The reasons for the slow take-up of CART or TCR-engineered T cells in the treatment of HIV are many. Most importantly, antivirals today make it possible for HIV patients to live normally. Successful CAR/TCR therapy must compete by eradicating all latent HIV infection within T cells through cell kill. HIV is also a virus that mutates readily. It is also expressed at very low levels in cells with latent infection, but reactivation of infection is potentially dangerous. HIV antiviral therapy also reduces the antigen expression to very low levels, making the virus almost undetectable by the T cells.
HBV and T cell therapy
Current HBV infection treatment with antivirals suppresses viral replication but cures only 5% of patients. In contrast, antivirals cure 95% of HBC infections.
"We argue that some infections, such as HIV and HBV, can be a perfect target for this therapy, especially if lymphocytes are engineered using an approach that keeps them active for a limited amount of time to minimize potential side effects," says researcher Anthony Tanoto Tan.
The hepatitis B virus contains certain peculiarities that make it more suited to CAR/TCR T cell therapy and render the therapy more likely to work without destroying healthy cells or harming the organs affected by the virus, the researchers state.
These features include the persistence of antigen production even while the antiviral therapy blocks DNA synthesis, lower odds of mutation due to the compact genome where one DNA sequence is translated into a variety of proteins, and the severe impairment of the patient's own specific T cell response to HBV.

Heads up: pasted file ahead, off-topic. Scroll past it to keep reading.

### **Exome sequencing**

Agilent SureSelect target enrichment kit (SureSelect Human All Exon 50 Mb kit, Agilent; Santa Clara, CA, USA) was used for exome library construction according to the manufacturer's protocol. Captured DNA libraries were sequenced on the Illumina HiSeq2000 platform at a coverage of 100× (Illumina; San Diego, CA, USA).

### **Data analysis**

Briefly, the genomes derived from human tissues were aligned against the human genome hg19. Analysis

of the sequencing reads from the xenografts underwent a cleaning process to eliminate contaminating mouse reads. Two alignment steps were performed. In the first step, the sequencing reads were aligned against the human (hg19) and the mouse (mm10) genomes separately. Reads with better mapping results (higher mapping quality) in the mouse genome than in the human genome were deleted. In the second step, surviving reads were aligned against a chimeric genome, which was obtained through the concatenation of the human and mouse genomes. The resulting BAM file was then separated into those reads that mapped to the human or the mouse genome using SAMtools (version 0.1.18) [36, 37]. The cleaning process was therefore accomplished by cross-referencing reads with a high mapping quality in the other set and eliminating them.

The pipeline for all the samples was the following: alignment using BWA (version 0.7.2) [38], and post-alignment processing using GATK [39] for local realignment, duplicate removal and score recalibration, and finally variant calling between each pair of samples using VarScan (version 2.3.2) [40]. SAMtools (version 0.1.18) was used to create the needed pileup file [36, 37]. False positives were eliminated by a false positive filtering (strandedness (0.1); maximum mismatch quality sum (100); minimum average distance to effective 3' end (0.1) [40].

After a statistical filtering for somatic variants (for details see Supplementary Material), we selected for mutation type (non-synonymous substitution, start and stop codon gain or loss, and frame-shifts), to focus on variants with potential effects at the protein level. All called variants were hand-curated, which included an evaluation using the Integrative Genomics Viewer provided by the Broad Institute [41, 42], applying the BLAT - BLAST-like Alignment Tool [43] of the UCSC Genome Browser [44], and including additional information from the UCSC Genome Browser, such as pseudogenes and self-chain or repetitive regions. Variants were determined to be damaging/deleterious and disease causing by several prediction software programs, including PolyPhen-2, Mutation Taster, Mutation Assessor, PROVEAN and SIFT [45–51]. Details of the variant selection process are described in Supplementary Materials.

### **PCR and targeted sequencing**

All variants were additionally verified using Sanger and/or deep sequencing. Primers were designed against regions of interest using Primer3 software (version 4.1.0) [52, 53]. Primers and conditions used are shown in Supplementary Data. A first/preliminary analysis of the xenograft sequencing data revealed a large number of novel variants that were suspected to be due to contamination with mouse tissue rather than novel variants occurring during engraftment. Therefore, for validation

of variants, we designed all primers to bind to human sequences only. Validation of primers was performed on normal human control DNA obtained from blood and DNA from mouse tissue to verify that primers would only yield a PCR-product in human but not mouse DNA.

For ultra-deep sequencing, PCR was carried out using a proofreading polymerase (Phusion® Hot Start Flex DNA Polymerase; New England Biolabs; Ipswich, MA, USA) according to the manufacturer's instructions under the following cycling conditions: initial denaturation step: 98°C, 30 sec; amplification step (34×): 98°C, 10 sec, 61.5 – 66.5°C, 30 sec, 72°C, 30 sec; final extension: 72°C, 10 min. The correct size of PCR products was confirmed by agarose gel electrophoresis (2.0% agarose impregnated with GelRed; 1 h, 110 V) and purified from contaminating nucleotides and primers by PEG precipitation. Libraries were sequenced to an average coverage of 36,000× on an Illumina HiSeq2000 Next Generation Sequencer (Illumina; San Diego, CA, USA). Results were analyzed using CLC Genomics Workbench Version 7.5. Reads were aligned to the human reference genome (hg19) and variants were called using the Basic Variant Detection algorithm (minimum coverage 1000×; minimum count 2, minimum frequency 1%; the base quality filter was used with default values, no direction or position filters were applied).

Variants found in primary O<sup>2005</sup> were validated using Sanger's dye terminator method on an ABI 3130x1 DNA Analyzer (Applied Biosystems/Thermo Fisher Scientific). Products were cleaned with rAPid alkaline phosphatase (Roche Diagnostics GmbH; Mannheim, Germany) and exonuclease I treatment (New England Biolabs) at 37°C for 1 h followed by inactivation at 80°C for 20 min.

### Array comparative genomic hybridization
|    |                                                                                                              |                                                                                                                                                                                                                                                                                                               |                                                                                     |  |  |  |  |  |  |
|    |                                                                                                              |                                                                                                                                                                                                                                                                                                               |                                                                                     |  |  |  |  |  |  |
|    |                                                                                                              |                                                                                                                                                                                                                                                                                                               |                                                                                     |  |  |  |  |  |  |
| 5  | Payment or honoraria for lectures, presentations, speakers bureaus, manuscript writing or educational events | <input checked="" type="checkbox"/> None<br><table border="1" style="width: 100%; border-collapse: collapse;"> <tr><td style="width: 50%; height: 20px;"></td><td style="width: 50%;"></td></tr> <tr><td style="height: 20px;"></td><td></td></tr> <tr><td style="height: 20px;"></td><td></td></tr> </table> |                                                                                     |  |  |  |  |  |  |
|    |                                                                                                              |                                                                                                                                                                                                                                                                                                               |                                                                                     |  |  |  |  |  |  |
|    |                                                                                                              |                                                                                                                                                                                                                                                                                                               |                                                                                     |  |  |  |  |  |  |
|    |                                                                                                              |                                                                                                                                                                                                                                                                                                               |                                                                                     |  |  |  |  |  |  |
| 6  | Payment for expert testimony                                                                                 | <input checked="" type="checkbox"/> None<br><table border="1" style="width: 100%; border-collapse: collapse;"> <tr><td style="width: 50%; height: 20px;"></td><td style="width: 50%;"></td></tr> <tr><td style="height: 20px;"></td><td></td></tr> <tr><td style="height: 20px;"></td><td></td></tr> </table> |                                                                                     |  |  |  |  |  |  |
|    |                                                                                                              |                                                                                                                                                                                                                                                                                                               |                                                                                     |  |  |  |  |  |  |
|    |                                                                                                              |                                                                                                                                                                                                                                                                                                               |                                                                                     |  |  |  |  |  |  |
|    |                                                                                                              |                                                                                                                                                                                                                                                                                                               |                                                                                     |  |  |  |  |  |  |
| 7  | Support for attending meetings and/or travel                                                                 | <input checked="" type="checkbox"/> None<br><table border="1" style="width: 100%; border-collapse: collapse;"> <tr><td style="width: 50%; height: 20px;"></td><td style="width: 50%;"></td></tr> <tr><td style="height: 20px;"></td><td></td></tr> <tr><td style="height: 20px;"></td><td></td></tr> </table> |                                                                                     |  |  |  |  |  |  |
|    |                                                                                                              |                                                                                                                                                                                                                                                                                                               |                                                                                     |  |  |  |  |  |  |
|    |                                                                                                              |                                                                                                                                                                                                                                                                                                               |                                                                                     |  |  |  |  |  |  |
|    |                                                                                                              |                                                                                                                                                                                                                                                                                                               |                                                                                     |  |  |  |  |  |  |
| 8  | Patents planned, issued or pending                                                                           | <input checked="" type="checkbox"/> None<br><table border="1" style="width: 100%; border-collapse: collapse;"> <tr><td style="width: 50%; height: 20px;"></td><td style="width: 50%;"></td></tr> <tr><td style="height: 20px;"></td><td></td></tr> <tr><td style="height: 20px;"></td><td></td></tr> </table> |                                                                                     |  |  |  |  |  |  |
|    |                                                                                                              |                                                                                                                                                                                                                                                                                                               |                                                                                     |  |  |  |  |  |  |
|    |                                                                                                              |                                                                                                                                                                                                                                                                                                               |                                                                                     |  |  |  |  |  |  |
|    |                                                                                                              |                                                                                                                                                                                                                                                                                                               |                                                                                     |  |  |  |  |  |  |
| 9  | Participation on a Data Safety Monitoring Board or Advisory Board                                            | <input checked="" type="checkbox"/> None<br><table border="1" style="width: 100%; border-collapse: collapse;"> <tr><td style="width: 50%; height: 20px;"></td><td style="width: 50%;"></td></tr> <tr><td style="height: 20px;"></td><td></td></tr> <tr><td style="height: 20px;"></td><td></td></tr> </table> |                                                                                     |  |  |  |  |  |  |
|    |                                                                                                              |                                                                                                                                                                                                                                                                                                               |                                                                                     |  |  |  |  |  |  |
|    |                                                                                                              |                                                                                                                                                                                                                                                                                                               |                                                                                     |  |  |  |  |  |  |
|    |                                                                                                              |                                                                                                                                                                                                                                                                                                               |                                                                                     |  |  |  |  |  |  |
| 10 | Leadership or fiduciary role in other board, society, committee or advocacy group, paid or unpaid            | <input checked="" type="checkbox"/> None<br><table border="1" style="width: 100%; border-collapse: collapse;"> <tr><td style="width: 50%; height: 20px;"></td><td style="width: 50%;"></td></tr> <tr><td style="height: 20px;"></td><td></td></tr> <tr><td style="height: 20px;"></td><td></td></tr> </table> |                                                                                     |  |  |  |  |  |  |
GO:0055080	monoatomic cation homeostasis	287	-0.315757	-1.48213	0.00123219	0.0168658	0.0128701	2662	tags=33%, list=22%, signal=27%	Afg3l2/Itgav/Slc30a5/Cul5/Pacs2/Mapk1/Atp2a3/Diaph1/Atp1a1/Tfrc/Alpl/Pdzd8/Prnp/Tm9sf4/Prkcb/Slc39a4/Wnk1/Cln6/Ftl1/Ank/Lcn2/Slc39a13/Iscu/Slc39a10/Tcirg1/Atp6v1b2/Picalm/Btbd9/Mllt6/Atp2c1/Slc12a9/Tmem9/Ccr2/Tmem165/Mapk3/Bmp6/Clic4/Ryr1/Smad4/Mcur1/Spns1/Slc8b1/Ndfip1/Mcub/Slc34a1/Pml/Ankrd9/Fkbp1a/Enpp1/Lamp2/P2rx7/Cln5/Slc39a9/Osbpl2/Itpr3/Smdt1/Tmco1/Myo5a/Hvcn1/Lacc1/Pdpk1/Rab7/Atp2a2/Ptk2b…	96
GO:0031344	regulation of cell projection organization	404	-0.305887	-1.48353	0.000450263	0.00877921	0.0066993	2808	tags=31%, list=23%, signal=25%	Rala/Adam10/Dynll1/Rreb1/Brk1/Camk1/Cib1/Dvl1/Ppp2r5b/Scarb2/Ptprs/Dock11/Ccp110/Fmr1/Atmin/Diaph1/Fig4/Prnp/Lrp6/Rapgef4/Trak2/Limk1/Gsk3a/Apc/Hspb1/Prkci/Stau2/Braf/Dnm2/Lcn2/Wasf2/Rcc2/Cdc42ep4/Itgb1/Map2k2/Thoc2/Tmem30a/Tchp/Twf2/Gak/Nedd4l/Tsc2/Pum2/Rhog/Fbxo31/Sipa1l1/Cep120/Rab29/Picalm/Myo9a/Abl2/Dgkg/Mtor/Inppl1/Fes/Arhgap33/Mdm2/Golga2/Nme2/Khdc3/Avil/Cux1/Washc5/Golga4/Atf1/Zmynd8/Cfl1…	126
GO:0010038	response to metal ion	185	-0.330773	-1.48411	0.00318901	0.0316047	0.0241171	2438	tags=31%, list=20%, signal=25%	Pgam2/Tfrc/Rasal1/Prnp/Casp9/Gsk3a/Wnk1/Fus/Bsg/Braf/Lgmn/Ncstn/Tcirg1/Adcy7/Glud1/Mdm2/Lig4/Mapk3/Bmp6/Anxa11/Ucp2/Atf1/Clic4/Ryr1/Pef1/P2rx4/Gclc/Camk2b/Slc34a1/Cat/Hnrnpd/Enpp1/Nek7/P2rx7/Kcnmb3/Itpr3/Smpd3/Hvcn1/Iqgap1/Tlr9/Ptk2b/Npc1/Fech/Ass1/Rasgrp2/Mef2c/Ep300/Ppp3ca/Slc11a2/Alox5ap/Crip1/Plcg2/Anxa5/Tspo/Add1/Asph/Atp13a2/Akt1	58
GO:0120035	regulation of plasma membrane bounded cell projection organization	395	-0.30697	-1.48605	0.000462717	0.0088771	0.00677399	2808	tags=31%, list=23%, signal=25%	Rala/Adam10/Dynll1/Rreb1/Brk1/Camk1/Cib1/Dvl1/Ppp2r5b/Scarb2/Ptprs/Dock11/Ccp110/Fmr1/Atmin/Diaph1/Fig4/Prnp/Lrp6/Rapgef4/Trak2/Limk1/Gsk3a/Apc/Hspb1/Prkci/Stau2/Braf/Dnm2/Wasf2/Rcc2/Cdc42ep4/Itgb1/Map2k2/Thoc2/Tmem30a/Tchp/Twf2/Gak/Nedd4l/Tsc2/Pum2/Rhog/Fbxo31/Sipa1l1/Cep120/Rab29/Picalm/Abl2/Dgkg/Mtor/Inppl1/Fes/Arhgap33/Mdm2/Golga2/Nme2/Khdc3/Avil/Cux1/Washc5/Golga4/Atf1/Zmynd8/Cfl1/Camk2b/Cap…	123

Rather than depending on the severely restricted HBV-specific immunity, therefore, engineering T cells can restore a robust and sizeable T cell immune population to eradicate the virus in combination with other agents, as demonstrated in animal experiments.
In introducing T cells that carry the memory of HBV antigens in the form of specific CAR/TCR, the risk is always present that they could proliferate, and eliminate the infected cells so completely that they also wipe out the liver, whose cells harbor the virus.
The team uses mRNA electroporation to introduce the CAR/TCR receptors, for less than 72 hours. This means that the modified cells only function for a limited period of time. They are less powerful in their antiviral response but may trigger other immune responses which enhance the success of the therapy.
The use of such measures not only reduces the side effects but may initiate a host response that acts synergistically with the transferred adoptive T cells. Nonactivated T cells could also be induced to express CAR/TCR by mRNA electroporation, resulting in cells that express low levels of the lytic enzymes perforin and granzyme. This makes inflammatory and cell lysis reactions less likely but preserves antiviral activation capabilities. As a result, side effects are minimized.
Overcoming difficulties for a cure
The researchers say they "cannot deny the existence of practical difficulties and safety concerns that still prevent the widespread clinical translation of CAR/TCR-T cell therapy for infectious diseases." Yet, they call for more work and expansion of knowledge in this field to counter the dangers and obstacles, rather than giving up on the possibilities of curing incurable and debilitating viral infections.
"We demonstrated that T cells could be redirected to target the coronavirus responsible for SARS. Our team has now begun exploring the potential of CAR/TCR T cell immunotherapy for controlling the COVID-19-causing virus, SARS-CoV-2, and protecting patients from its symptomatic effects," said investigator Antonio Bertoletti.
Bertolettti, A., and Tan, A. T. (2020). Challenges of CAR- and TCR-T cell–based therapy for chronic infections. Journal of Experimental Medicine. 217 (5): e20191663. https://doi.org/10.1084/jem.20191663